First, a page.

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Relieving the pressures of caregiving

If you are caring for an ailing family member, an aging parent or a child with disabilities, you’re likely to know a thing or two about stress. Taking on the needs of another human being with physical or cognitive problems is challenging. It can also be exhausting, depleting you of your energy, emotional resources and humor.

Part of the problem is that the demands on your time and energy don’t end with your caregiving commitment. Many people who informally care for others (that is, they’re not paid, professional caregivers) usually have to juggle a full load—a career, a family and housekeeping. That feeling of being pulled in a dozen directions can lead to chronic stress, which, left unchecked, may lead to health problems and depression.

Dealing with stress

If you are a caregiver, it’s natural for you to have mixed feelings about your role. You may love the person you’re caring for and want to do your best. But sometimes you may feel resentful about not having enough time to spend with your family or to enjoy friends or hobbies. If you’ve resigned yourself to your situation—figuring “this is my life now”—you may have sentenced yourself to a case of chronic stress.

One of the most important things you can do is learn to recognize when your stress is out of control and realize that you need some self-care to function at your best.

May be you’ve been skipping meals, grabbing fast food or noshing on junk more often. Or you can’t find the time in your day for a bit of exercise or relaxation.

Fortunately, there are ways to relieve your stress levels. Here are a few strategies to try:

Eat to optimize your health and energy. Regular, nutritious meals will help keep your energy up and your immune system strong so you can better meet the demands on your resources.

Take time to exercise. Studies show that regular, moderate exercise benefits health, reduces stress and contributes to a sense of well-being.

Get adequate sleep. Sleep-deprivation can add to your feelings of stress and depression. Try to maintain a regular sleep-wake cycle to keep your moods steady.

Share your feelings. Talk to friends or a priest, minister or social worker.

Relax. Pray, meditate or try breathing techniques to help calm you.

Get counseling if you need it. If you feel overly stressed or have symptoms of depression, seek help from a psychologist or other mental health professional.

Schedule downtime. Doing things you enjoy can recharge your batteries and ease your stress, so don’t feel guilty. Try to do “small” things—listening to music, stretching, reading a good book—regularly. And schedule larger blocks of time to do things you enjoy, like visiting a local museum, tending a garden or getting together with friends to see a movie.

Get medical checkups. Schedule and keep regular checkups with doctors and dentists. Don’t let your own health deteriorate.

Spend time with friends. Cutting yourself off socially can lead to depression. Smiles and laughter can restore your spirits, and a simple change of scenery often helps.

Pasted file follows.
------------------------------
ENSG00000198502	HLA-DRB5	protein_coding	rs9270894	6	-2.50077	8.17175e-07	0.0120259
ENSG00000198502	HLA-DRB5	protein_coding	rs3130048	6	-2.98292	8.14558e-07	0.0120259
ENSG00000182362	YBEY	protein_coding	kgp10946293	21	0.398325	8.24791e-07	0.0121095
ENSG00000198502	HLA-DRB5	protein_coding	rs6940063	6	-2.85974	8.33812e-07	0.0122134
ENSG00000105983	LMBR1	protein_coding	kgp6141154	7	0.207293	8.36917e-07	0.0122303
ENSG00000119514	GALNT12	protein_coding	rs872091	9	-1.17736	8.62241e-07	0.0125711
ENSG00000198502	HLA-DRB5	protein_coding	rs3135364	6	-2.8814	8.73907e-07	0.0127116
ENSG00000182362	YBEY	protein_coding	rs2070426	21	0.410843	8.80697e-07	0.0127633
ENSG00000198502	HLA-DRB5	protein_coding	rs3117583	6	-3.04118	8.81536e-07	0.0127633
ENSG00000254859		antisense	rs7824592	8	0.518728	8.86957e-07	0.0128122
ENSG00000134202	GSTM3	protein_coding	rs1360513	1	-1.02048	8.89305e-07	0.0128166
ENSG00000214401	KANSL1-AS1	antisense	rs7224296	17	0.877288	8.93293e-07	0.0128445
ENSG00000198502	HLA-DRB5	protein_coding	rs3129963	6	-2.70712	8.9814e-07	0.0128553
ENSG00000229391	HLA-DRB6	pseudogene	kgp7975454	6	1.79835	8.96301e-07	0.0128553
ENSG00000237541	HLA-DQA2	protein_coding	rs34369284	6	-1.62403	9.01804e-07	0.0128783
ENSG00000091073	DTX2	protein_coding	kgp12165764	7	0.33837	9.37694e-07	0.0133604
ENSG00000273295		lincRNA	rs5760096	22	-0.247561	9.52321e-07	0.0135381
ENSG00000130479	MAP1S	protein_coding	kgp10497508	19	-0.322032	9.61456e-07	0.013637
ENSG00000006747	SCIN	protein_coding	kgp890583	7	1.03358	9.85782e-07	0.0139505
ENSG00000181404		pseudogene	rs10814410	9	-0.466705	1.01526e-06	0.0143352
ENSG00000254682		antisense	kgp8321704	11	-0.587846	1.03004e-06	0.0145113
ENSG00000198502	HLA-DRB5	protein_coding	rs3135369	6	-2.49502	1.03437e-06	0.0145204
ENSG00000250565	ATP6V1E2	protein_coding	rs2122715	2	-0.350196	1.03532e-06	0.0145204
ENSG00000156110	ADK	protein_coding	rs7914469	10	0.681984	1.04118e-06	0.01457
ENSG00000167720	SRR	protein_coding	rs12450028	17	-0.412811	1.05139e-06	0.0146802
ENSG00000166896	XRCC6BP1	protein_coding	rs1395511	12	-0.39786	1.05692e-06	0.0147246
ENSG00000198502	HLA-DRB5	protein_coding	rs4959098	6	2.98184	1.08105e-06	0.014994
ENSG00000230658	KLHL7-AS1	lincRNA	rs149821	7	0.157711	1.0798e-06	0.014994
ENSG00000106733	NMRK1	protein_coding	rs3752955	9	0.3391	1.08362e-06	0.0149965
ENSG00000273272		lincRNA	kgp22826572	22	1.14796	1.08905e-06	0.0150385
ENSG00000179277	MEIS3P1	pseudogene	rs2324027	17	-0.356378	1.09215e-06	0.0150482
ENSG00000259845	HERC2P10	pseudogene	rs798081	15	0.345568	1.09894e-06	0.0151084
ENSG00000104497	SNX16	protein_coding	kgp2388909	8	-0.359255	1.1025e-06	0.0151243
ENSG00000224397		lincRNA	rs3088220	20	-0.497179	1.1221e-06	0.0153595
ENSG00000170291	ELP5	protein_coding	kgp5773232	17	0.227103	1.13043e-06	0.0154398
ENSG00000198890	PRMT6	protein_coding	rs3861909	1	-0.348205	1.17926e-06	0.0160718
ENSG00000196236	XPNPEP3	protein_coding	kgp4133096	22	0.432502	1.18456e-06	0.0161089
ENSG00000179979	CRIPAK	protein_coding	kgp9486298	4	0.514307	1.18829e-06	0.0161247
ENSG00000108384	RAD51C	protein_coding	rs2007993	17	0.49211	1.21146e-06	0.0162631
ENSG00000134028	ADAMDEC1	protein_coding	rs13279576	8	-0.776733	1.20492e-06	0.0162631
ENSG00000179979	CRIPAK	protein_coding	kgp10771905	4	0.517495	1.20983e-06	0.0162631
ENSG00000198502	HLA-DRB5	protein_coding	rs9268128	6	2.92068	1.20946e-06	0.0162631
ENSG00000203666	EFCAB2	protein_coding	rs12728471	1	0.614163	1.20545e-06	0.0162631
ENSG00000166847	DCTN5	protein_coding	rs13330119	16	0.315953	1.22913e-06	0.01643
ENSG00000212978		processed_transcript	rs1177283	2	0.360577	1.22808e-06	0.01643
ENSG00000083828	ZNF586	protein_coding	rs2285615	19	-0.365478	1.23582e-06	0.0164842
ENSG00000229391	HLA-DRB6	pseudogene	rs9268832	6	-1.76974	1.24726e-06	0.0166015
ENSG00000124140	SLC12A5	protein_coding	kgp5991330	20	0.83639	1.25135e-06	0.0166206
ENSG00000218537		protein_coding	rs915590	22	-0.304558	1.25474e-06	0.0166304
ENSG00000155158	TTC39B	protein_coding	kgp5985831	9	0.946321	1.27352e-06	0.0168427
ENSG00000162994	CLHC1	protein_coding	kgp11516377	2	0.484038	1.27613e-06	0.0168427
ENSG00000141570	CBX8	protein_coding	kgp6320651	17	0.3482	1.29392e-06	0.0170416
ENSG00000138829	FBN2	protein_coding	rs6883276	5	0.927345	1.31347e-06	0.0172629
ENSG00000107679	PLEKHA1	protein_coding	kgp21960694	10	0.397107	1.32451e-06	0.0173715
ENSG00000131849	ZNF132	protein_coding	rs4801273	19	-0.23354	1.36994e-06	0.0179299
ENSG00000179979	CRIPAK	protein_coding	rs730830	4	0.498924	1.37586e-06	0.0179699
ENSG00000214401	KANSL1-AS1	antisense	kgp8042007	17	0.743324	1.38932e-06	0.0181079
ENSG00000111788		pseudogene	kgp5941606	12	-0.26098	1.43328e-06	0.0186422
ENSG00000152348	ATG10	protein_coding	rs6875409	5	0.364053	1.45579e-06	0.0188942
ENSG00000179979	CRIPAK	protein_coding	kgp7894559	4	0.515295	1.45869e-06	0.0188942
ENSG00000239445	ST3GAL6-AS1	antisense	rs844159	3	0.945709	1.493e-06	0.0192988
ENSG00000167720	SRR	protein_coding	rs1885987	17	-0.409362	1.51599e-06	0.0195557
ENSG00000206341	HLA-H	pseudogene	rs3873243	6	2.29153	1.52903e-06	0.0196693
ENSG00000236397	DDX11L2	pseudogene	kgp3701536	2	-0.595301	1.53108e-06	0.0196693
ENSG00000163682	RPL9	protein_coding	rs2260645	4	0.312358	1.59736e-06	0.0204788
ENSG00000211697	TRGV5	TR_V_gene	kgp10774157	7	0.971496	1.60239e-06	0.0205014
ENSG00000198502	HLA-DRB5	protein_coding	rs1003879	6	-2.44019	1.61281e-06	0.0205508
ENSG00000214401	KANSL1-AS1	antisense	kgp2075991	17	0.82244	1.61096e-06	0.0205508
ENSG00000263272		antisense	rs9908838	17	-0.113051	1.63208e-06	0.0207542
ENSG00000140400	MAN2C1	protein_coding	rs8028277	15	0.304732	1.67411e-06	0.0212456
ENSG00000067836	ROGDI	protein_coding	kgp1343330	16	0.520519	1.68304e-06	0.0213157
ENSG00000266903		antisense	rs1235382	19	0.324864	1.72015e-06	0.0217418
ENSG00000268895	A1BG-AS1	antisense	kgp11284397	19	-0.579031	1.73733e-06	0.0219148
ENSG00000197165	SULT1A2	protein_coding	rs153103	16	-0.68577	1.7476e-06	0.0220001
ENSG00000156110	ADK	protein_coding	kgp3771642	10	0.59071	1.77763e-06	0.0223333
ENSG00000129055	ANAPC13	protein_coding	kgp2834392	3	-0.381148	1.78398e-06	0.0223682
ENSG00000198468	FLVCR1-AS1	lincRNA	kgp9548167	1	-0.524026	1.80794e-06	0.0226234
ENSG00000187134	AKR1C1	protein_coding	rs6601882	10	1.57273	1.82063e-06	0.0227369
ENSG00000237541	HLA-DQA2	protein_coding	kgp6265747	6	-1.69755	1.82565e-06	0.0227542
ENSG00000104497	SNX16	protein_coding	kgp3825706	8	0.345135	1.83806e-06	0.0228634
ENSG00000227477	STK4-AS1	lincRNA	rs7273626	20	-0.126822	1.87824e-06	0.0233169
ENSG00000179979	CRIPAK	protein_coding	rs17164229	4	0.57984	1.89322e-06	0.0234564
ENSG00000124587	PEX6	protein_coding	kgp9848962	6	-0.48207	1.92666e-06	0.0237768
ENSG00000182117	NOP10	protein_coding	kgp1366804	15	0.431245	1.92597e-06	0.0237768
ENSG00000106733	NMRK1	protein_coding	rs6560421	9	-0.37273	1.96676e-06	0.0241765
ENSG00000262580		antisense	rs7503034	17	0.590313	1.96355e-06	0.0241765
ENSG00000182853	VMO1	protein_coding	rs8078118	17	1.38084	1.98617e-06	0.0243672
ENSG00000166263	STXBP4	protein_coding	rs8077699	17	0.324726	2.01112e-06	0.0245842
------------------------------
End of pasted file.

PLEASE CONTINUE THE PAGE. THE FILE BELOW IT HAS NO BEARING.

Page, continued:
Ask others for help. Family members, friends and neighbors may be willing to pitch in, too. Don’t hesitate to ask for help. Delegate specific tasks, such as doing laundry, shopping for groceries or making drugstore stops, on specific days.

Get respite care. Respite care services provide temporary care, letting you take a much-needed break for a few hours.

Consider a caregiver support group. Share strategies with people who understand your situation, learn about local resources or just have a safe place to “vent.” Check your newspaper for listings or your library for area resources.

Get knowledge. Learning about the medical issues of the person for whom you care can help you anticipate, understand and better cope with their needs.

Be realistic. You have only so much time and energy. Set reasonable goals. And forgive yourself when you can’t satisfy everyone’s needs.

If you’re still feeling overwhelmed or having trouble coping, talk with your healthcare provider. Not only can chronic stress lead to depression, but it can affect your physical health as well. By reducing your stress and taking better care of yourself, you’ll be better equipped physically and emotionally to care for your loved one.

Stress signals

Answer these questions to get a fix on how stress is affecting your health and happiness.

  • Am I irritable or short-tempered with the person I care for or with family members?
  • Do I cry easily or more often?
  • Do I feel rundown or fatigued most of the time?
  • Do I have colds that linger on?
  • Am I having trouble sleeping?
  • Have I stopped making time for fun with friends?
  • Do I feel stuck in my routine and in my life?
  • Am I having trouble concentrating?
  • Do I constantly feel sad?
  • Have I lost or gained an unusual amount of weight?
  • Am I drinking (alcohol) more? Have I started smoking?

A “yes” response to any of these questions may indicate that you need to act to reduce your stress.